Four years ago, anxious policymakers in Washington threw
automakers a badly-needed life line. The "cash for clunkers"
program, which bribed people into buying new cars, helped stave
off a death spiral that had beset the auto industry.
Yet just four years later, few people even think about "cash for
clunkers" anymore.Sales trends for the major automakers (and
their parts suppliers) are now booming, and it's easy to see how
trendswill get even stronger from here. Within a few years, sales
trends are likely to meet or exceed the previous annual peaks,
and share prices in this sector now have upward of 50%upside .
The Long Climb Back
In the middle of the past decade, the auto industry sold roughly
16 million to 17 million cars and trucks annually in North
America. That figure slumped to just 10.4 million in 2009 but had
rebounded to 14.4 million in 2012. Thisyear , that figure is
expected to be about 15.4 million.
Yet according toanalysts at Merrill Lynch, there are fourfactors
in place to suggest that this figure will hit 18 million in the
next five years. These factors include:
- Current sales levels are still below the replacement rate,
meaning the average age of cars on the road continues to climb
higher, recently hitting an industry record 10.6 years.
- Automakers are on the cusp of their most aggressive new
vehicle launch program in memory. "Thiswave of fresh product
will likely stimulate demand and get consumers into showrooms,
especially as automakers continue to pick up marketing
spending," noted Merrill's analysts.
have the most aggressive product cycle refresh plans in the
industry over the next three years, more than any major
Japanese, European or Korean automaker. And as Merrill's
analystsnote , "Replacement rates drivemarket share ."
- Financing rates should remain very low, as it will likely
be several years before the Federal Reserve hikes the rates
that determine autoloan rates. Moreover, dealers are noting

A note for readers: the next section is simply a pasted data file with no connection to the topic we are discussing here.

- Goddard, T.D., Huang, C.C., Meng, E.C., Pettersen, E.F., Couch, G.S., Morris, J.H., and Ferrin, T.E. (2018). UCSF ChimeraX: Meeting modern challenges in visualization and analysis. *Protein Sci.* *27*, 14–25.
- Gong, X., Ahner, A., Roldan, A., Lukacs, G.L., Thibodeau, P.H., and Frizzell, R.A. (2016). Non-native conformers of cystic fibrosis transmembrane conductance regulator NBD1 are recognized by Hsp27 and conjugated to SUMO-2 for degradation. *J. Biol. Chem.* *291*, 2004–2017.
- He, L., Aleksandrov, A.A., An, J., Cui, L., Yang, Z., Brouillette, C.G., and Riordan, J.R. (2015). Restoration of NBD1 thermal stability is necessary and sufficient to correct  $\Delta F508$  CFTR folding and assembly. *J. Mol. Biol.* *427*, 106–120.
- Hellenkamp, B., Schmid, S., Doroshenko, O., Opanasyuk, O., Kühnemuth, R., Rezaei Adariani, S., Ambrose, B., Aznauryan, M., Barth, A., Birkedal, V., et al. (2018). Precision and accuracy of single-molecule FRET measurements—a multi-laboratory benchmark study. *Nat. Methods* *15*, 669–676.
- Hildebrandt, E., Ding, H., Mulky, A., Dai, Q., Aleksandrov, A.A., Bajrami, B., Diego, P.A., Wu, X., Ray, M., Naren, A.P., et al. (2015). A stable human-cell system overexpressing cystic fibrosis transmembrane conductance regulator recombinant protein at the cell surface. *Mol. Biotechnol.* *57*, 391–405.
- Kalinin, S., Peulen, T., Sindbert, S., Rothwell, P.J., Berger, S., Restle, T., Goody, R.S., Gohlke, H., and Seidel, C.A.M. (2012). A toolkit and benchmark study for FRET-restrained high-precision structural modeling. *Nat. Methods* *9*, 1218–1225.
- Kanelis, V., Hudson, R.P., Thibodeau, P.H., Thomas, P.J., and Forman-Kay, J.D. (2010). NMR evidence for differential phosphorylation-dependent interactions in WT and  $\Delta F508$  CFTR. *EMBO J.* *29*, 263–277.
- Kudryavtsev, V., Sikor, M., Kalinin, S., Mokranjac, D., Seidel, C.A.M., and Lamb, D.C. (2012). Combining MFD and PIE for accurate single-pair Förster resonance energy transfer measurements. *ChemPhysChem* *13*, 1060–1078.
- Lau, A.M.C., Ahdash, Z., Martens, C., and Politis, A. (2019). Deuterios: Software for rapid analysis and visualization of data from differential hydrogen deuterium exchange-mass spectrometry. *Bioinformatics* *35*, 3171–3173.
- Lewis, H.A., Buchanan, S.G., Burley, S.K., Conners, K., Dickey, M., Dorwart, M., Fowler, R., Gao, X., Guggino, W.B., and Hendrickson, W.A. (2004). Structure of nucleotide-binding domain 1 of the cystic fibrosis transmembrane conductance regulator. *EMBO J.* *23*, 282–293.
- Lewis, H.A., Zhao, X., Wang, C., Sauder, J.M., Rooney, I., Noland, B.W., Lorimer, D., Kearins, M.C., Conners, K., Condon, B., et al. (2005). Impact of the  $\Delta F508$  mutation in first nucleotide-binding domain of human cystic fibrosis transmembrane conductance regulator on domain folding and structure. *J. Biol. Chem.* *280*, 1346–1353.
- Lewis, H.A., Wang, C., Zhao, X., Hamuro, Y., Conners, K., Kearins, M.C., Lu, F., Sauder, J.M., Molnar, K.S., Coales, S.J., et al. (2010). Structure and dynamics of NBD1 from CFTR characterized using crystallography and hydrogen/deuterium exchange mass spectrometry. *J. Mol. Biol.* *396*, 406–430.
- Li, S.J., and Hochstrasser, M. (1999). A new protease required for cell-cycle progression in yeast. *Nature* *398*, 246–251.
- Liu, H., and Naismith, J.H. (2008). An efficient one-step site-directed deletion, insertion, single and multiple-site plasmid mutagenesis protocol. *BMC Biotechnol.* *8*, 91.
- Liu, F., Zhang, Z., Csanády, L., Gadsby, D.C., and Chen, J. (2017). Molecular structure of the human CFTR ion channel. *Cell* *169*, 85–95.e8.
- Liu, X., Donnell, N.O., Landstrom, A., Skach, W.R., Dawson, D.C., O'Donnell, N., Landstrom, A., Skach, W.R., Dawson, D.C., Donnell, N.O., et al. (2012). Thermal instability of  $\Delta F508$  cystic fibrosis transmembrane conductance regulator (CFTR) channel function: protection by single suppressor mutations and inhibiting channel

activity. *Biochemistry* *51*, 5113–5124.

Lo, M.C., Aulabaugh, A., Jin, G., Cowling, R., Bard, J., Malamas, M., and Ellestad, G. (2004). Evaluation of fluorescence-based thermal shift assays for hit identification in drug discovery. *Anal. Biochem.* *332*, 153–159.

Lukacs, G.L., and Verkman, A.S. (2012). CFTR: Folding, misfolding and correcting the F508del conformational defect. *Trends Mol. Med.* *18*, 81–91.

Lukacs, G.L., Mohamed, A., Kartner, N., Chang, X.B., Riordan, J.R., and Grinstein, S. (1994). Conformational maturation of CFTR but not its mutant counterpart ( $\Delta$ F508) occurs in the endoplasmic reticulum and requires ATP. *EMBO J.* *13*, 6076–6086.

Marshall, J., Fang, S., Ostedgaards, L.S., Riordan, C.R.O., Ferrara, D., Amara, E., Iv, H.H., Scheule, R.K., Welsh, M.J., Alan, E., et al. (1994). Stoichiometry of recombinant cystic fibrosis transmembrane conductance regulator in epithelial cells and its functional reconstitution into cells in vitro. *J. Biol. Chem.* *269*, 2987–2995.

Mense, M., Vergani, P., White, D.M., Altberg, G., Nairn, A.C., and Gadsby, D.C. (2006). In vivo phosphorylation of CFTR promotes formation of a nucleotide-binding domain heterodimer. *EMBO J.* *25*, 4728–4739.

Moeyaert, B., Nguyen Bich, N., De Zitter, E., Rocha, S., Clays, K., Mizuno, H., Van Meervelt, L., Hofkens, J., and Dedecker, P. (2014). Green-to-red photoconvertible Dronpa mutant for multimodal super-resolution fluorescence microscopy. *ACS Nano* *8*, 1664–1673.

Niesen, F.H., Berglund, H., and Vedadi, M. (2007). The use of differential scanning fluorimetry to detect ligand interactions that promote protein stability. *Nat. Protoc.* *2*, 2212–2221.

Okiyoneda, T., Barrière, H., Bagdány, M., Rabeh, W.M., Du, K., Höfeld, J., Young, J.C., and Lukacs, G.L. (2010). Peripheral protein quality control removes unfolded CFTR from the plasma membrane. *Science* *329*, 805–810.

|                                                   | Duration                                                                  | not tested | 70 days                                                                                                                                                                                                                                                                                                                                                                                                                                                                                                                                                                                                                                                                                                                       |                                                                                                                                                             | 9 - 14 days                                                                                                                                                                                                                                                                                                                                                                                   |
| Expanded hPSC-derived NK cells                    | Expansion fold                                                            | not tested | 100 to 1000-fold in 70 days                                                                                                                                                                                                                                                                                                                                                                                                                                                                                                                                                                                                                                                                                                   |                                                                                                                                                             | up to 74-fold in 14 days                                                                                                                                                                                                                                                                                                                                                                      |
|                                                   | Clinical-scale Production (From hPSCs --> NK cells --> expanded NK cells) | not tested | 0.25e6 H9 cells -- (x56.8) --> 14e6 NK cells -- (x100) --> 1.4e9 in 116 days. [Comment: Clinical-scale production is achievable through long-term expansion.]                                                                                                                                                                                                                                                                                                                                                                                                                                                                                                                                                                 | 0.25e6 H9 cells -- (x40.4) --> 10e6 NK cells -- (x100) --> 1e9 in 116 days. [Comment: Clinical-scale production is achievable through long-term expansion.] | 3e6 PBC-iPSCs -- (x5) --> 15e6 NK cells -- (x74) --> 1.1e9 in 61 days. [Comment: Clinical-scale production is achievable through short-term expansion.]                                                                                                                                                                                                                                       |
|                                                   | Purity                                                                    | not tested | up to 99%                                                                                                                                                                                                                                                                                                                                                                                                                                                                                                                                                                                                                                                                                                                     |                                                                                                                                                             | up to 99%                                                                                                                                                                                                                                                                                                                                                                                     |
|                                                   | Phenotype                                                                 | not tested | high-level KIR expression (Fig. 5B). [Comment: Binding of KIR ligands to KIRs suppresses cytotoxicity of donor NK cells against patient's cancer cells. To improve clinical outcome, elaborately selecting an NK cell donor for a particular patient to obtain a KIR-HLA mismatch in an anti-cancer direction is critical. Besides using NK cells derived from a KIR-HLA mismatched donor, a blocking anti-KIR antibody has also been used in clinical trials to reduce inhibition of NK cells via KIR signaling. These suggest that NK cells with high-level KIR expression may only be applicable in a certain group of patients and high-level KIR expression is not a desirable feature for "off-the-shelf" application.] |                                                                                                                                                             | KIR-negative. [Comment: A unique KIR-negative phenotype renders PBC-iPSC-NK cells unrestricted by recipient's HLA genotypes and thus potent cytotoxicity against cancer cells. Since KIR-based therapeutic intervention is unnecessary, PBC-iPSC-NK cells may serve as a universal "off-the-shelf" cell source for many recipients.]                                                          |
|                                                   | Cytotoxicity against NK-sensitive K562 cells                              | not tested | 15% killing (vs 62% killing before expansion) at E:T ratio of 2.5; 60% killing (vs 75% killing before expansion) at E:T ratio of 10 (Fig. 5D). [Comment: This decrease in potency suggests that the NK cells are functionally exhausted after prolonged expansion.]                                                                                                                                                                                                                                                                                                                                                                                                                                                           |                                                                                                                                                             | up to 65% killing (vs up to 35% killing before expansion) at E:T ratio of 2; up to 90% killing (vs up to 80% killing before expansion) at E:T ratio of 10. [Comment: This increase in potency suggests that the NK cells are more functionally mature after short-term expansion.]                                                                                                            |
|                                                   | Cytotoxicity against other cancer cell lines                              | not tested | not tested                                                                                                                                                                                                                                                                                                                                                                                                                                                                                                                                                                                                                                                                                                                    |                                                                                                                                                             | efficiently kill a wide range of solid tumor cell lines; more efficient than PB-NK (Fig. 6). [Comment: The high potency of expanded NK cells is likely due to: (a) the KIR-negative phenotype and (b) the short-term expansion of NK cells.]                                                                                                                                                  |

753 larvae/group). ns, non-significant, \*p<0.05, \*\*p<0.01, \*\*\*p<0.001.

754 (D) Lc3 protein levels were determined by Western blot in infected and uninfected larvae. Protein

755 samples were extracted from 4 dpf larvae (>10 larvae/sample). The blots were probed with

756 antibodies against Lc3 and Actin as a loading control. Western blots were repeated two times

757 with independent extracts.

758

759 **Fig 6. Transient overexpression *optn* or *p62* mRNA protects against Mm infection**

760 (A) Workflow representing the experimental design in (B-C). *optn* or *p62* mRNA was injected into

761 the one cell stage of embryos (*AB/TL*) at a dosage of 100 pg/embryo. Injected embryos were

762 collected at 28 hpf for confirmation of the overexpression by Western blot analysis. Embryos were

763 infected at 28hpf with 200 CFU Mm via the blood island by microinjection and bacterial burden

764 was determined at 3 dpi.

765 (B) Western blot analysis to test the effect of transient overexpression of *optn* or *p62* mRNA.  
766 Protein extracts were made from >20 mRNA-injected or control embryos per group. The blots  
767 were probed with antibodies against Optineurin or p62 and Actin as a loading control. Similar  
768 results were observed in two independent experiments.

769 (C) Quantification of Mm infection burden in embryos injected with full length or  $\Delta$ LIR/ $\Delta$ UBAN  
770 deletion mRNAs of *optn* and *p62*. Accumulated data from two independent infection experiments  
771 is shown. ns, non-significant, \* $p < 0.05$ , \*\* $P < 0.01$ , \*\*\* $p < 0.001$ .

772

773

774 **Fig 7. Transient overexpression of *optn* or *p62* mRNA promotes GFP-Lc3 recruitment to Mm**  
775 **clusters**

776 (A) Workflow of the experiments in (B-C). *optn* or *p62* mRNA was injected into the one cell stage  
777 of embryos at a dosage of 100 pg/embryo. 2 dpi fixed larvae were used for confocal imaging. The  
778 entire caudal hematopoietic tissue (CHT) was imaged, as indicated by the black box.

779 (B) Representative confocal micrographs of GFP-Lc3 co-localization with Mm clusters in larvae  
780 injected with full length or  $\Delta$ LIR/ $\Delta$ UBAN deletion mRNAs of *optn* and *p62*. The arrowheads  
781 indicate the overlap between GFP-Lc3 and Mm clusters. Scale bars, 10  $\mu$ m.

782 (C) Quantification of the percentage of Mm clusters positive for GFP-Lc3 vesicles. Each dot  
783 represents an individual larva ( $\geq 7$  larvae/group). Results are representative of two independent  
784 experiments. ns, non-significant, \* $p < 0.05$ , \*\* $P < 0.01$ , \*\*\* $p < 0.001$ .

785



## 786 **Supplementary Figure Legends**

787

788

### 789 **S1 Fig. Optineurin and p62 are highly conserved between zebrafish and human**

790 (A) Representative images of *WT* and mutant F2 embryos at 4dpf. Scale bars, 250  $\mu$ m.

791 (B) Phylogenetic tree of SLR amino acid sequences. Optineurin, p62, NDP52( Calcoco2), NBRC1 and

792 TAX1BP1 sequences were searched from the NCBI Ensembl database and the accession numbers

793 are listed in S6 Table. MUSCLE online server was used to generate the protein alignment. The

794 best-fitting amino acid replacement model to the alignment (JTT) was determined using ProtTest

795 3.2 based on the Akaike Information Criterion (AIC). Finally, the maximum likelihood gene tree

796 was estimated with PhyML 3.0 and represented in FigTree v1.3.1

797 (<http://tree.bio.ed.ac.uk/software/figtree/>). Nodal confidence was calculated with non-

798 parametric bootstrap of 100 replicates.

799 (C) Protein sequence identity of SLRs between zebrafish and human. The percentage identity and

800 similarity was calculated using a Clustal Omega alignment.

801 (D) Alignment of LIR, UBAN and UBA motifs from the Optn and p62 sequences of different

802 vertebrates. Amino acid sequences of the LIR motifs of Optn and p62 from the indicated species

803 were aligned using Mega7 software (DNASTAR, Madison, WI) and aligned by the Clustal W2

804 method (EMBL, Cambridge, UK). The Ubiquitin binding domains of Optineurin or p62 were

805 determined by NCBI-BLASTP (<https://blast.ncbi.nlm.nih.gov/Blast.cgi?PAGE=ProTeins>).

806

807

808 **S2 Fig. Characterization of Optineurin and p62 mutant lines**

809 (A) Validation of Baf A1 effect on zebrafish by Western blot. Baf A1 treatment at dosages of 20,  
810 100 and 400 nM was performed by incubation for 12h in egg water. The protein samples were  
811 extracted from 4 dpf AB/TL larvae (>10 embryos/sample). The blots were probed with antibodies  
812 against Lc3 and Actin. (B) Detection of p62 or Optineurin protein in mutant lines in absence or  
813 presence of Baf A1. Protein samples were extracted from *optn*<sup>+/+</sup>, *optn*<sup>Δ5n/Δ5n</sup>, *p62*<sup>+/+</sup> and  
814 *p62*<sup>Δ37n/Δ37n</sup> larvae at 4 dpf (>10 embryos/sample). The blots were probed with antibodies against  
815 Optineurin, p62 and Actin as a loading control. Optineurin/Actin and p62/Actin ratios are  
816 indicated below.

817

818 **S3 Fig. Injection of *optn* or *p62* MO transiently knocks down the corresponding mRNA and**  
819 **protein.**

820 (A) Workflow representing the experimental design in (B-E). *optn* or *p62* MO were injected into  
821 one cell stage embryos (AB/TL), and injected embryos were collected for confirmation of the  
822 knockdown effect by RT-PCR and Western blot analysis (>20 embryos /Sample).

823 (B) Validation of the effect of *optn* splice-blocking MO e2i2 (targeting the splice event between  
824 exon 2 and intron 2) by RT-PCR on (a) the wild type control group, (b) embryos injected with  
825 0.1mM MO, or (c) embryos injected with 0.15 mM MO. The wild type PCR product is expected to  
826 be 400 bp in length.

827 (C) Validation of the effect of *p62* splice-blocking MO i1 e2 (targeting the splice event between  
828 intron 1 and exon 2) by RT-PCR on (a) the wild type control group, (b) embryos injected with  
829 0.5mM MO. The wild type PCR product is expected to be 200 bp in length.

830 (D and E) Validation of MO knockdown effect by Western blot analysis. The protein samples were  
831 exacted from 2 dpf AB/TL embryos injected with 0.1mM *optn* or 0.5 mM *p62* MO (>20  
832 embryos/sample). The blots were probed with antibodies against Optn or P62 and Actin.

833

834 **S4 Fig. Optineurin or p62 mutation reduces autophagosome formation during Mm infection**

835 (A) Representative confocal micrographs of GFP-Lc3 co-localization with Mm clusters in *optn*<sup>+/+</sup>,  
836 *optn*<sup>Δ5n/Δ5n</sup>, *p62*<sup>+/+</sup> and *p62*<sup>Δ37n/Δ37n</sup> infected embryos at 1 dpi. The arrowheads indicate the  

much easier access tocredit for most applicants than a few
- An eventual rebound in new home construction (which has its
own set of pent-up demand factors) should trigger a rising wave
of high-margin pickup truck sales. (Notably, pickup truck sales
rose roughly 25% in May for the three U.S. automakers, compared
with a year ago, and that spurt comes before any major upturn
in new home construction has begun.)
If the industry indeed sells 15.4 million units this year, the
move up to 18 million in five years represents growth of 15% to
20% from current levels, which may not seem like much. But
thefixed costs in the auto industry are so high that those
incremental sales carry far higher variable margins than
theprofit swing that automakers saw from 12.7 million units in
2011 to the current sales volumes.
Anotherfactor many overlook is sharply falling labor costs. The
average auto worker now makes around $55 to $60 an hour in wages
and benefits, down from $75 in 2007. Moreover, advancing
technology has increased assembly-line automation, which means
more autos are being made with fewer workers.
Lastly, industry capacity is now 15% lower than in 2007, which
means the industry will have solidpricing power as volumes rise
and won't have to resort to the hefty rebates that once bedeviled
The Profit Impact
Despite the emerging boom in the North Americanmarket , the